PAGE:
A History of Philosophy: From Thales to the Present Time, 2

C. Scribner, 1874

Դ繨ҡ - ¹Ԩó

辺Ԩó 觢ŷ

Ѻ - ٷ


˹ 378 - That no testimony is sufficient to establish a miracle, unless the testimony be of such a kind, that its falsehood would be more miraculous, than the fact, which it endeavours to establish: and even in that case there is a mutual destruction of arguments, and the superior only gives us an assurance suitable to that degree of force, which remains, after deducting the inferior.
˹ 83 - To say a notion is imprinted on the mind, and yet at the same time to say that the mind is ignorant of it, and never yet took notice of it, is to make this impression nothing.
˹ 394 - ... his conduct has been agreeable to the general rules by which those two sympathies generally act ; and, last of all, when we consider such actions as making a part of a system of behaviour which tends to promote the happiness either of the individual or of the society, they appear to derive a beauty from this utility, not unlike that which we ascribe to any well-contrived machine.
˹ 133 - And here it is constantly supposed that there is a connection between the present fact and that which is inferred from it. Were there nothing to bind them together, the inference would be entirely precarious. The hearing of an articulate voice and rational discourse in the dark assures us of the presence of some person. Why? Because these are the effects of the human make and fabric, and closely connected with it.
˹ 423 - ... one, is the result. Ideas, also, which have been so often conjoined, that whenever one exists in the mind, the others immediately exist along with it, seem to run into one another, to coalesce, as it were, and out of many to form one idea ; which idea, however in reality complex, appears to be no less simple than any one of those of which it is compounded.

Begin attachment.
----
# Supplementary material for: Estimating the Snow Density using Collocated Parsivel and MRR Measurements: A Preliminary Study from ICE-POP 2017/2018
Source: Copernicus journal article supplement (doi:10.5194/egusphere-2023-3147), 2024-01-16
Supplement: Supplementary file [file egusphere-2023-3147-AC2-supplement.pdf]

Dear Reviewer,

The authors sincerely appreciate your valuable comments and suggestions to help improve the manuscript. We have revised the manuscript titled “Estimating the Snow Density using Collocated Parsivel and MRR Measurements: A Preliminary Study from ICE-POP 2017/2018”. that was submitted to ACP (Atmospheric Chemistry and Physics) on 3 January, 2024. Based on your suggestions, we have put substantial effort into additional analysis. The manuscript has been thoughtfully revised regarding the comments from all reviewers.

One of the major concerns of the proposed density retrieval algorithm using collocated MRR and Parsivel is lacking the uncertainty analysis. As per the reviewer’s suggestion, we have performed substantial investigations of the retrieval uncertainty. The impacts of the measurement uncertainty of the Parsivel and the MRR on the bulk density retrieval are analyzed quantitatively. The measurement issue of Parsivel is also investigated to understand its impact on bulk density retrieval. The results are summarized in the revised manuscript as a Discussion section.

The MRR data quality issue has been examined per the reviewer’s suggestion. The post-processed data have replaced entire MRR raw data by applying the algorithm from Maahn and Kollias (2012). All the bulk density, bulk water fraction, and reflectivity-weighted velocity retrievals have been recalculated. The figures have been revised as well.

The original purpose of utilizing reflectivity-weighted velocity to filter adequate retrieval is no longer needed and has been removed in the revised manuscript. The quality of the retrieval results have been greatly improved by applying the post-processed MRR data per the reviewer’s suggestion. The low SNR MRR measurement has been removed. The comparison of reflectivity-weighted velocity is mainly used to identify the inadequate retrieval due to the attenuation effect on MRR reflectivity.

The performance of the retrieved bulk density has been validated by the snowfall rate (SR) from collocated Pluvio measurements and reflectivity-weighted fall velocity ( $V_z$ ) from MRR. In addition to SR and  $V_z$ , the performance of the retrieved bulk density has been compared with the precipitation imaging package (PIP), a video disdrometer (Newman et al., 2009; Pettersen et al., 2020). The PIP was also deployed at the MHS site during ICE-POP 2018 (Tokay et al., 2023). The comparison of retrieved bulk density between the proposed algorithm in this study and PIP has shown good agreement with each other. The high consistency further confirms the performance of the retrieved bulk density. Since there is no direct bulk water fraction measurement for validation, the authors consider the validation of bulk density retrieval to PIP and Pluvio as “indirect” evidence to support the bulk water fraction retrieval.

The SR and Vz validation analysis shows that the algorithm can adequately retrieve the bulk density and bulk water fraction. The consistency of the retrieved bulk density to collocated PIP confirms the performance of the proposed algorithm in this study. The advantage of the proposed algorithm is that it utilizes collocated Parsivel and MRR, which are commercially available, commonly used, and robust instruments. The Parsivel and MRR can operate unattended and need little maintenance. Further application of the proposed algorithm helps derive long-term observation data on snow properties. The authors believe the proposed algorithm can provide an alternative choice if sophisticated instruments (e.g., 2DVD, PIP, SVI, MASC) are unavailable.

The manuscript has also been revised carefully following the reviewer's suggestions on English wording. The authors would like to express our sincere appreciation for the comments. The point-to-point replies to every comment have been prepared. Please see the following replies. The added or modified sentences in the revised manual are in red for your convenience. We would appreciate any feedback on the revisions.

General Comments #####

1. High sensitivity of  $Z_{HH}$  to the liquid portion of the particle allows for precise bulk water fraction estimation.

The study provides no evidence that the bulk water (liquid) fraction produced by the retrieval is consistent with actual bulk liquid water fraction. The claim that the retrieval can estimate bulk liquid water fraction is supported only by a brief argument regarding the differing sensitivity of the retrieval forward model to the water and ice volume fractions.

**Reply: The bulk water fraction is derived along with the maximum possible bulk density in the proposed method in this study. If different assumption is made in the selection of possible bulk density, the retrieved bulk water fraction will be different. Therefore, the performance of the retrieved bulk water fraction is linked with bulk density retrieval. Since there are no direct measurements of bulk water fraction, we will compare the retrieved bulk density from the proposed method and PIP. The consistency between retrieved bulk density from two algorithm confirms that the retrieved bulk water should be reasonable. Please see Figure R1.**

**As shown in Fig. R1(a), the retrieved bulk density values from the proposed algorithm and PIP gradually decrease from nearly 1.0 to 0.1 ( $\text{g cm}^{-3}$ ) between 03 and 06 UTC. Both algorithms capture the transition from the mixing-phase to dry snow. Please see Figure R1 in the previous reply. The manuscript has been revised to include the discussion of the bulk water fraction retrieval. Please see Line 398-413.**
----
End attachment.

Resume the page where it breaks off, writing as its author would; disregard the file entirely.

˹ 372 - An epistolary discourse, proving from the scriptures, and the first fathers, that the soul is a principle naturally mortal, but immortalized, actually by the pleasure of God, to punishment or reward, by its union with the divine baptismal spirit. Wherein is proved that none have the power of giving this divine immortalizing spirit, since the apostles, but only the bishops ; and that sacerdotal absolution is necessary for the remission of sins, even of those who are truly penitent.
˹ 351 - The general and perpetual voice of men is as the sentence of God himself. For that which all men have at all times learned, Nature herself must needs have taught; and God being the author of Nature, her voice is but his instrument.
˹ 417 - ... and it is only under the character of a constituted or containing whole, or of a constituting or contained part, that any thing can become the term of a logical argumentation.
˹ 400 - That, in the phenomena of nature, what is to be will probably be like to what has been in similar circumstances.
˹ 434 - Nitszch prepared and published a General and Introductory View of Professor Kant's Principles concerning Man, the World, and the Deity, submitted to the consideration of the Learned.